Saturday, December 1, 2012


Maybe I'm just borrowing trouble but I can't help wondering whether the data portions of BIM deliverables will present yet another opportunity for contradictions to sneak into contract documents.  That is, will it be possible for data in the model or links to contradict information in specifications or drawings?

It's already a significant challenge to coordinate drawings and specifications.

When AE deliverables include things like COBie data, will there be new opportunities to inadvertently introduce contradictions?

I recognize that BIM, and BIM/spec integration, are inevitable. I'm even convinced it's a good thing.

It's just been my experience that every solution carries with it the seed of a new problem.


  1. Progress is rarely painless. New ways to do things of course present new ways to screw up. I also believe - no, I know this is a good thing. I've been asking for years why architects don't see the benefits of sharing information via the model. For a long time, the argument was, "What if we give the [consultant] [contractor] [other entity] our model, and it has a mistake?"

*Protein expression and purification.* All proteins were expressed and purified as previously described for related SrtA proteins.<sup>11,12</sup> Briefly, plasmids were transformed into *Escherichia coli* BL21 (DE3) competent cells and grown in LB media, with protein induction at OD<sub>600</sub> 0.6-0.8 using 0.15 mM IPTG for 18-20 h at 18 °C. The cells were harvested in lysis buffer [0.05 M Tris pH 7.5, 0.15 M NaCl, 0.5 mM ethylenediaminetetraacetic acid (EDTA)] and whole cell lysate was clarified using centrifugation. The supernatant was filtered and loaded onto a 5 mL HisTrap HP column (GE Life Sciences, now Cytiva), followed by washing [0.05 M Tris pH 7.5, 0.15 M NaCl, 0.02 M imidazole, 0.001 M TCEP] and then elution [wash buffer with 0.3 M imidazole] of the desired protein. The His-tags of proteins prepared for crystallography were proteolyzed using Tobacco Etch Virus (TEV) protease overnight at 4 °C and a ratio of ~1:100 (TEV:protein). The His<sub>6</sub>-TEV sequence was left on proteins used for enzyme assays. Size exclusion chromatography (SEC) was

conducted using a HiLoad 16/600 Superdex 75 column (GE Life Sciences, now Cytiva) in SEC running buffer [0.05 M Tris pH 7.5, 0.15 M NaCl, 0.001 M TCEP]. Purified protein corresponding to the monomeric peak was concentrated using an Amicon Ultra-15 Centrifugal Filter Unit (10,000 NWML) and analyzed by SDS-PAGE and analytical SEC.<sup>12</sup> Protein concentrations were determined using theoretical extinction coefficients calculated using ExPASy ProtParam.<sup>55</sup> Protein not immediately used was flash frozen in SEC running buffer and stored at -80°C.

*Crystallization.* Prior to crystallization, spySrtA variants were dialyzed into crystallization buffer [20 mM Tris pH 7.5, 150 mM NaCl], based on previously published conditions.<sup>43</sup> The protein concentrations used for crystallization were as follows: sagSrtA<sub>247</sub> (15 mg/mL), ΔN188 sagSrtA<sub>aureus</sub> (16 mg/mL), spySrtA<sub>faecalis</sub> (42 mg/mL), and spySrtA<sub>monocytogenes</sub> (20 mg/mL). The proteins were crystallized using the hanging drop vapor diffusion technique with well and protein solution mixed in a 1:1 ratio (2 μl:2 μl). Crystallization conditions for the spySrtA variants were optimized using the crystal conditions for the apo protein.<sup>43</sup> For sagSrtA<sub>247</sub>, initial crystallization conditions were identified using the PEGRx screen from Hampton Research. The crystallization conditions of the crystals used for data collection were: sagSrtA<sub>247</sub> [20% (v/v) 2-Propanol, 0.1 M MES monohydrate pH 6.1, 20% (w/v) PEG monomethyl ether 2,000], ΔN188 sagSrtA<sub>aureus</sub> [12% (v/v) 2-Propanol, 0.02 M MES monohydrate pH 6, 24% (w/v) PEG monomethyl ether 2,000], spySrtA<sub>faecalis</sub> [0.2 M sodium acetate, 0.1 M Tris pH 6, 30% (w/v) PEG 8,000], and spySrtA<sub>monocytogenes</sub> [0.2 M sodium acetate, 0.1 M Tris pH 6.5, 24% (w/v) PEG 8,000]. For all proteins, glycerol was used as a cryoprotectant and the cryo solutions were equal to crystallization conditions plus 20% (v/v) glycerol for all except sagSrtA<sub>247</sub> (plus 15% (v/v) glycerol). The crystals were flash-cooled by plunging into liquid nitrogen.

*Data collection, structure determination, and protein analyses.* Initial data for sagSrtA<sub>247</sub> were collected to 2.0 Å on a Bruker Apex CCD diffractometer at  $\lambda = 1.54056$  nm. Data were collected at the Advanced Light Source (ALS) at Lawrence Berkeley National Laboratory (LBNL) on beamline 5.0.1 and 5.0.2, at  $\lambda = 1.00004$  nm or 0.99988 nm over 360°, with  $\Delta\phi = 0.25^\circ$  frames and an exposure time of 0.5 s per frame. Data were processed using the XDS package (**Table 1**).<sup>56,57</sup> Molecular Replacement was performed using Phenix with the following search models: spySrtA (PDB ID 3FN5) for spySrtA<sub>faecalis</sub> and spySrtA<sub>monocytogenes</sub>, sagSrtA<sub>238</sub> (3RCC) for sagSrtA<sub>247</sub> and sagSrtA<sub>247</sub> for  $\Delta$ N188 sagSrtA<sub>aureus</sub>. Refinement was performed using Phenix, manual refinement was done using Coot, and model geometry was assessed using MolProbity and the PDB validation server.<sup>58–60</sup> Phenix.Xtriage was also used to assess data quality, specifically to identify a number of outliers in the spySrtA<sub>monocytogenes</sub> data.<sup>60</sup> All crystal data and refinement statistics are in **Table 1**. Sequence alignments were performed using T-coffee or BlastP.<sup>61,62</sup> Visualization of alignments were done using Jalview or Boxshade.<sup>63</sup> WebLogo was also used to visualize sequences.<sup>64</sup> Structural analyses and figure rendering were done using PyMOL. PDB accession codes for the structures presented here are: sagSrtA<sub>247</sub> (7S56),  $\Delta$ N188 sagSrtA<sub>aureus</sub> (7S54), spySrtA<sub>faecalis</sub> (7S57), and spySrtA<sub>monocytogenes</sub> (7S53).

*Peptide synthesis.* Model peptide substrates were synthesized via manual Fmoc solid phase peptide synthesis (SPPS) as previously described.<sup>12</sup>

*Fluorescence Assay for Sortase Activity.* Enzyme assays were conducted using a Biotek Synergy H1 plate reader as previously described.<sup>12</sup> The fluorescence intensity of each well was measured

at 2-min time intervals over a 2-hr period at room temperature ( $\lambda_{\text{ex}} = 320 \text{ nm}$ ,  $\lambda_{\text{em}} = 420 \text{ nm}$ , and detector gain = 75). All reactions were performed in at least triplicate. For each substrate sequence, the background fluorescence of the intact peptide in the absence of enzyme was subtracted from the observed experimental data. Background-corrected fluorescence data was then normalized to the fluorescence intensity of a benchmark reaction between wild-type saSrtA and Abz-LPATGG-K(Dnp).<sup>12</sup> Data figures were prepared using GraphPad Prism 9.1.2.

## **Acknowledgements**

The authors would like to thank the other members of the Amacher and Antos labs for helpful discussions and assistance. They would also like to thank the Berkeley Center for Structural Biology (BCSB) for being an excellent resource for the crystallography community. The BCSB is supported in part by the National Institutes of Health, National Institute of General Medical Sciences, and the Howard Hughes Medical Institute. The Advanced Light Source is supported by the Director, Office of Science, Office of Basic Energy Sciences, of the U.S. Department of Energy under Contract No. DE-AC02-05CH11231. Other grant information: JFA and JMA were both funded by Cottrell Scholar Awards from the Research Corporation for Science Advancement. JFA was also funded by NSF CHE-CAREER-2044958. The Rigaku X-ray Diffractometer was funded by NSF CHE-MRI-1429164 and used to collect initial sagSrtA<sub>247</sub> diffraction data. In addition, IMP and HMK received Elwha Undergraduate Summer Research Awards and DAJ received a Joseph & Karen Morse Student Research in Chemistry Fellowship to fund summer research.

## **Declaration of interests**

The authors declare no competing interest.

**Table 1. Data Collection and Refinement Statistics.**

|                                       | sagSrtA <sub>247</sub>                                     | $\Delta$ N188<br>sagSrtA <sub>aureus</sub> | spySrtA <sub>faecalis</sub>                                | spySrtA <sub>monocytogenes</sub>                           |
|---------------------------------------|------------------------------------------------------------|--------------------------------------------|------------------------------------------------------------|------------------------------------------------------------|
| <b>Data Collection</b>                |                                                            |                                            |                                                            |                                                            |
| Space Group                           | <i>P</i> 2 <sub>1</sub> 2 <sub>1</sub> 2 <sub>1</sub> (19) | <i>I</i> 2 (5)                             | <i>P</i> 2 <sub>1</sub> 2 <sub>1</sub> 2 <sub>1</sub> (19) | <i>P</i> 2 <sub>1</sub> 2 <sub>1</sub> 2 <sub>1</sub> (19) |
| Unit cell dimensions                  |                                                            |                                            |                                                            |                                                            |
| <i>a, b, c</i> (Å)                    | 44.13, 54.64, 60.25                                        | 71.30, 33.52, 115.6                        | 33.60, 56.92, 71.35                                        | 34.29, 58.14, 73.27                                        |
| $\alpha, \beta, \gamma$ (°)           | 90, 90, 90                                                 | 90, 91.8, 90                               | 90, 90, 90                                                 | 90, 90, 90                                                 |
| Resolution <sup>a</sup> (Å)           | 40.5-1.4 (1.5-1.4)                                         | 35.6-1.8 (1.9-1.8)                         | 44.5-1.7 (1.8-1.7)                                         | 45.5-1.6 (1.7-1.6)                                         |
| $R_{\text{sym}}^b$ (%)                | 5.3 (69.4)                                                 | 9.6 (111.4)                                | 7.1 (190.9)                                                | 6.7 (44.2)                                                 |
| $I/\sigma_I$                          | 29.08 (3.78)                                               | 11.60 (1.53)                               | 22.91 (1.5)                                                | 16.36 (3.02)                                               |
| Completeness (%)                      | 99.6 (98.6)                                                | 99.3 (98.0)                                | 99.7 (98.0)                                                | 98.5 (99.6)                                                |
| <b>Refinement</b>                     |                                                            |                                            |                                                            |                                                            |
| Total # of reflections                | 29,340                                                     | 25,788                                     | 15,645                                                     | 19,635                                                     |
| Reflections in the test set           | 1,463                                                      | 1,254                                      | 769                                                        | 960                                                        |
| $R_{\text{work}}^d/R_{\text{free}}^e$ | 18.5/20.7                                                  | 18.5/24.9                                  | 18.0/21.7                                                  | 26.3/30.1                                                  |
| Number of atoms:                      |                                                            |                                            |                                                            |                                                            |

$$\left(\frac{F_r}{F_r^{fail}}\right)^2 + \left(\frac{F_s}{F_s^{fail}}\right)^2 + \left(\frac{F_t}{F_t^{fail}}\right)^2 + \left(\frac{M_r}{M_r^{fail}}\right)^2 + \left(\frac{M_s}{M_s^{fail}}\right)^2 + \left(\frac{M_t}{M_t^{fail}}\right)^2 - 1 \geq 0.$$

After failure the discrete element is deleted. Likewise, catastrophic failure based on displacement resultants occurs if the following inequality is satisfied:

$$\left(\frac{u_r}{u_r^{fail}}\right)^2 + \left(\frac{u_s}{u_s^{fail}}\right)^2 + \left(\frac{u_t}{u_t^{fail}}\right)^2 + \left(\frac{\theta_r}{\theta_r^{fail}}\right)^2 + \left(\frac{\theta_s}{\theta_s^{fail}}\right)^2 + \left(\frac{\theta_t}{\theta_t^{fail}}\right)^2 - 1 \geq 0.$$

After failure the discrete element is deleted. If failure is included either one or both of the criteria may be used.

Eureka! Until then, I didn't realize that we had always issued perfect drawings and specifications! No wonder we don't want to change!

    I'm less concerned about conflicts within the model (I assume the programmers are doing everything they can to keep that from happening) than conflicts between the data entered and the real world. It certainly is possible to populate the properties with things that make no sense, aren't available, or can't be built, and to me, that is and will be a problem for some time.

    When the software gets to the point that it won't accept erroneous information - not before I retire - the model will become much more bulletproof. Not idiot-proof, though.

  2. Thanks for your comment Sheldon. I, too am convinced that sharing the model with consultants, and with contractors, is ultimately a good thing for all parts of the AEC industry. Not to mention inevitable because of the expectations of owner/managers.

    I'm just bracing myself, however, for the inevitable discovery of inconsistencies and contradictions which will creep into the model as it progresses through the design team, through the builder team, and into the hands of the owner.

    Though devilishly clever, programmers can't possibly envision all the ways that contradictions will be able to creep into a model and all its linked tentacles, nor the resulting consternation and costs to designers, builders, and owners.

    Interesting you should observe "New ways to do things of course present new ways to screw up." My colleagues are probably weary of hearing me say "Every solution carries with it the seed of another problem." I probably plagiarized that from someone, but I can't remember who.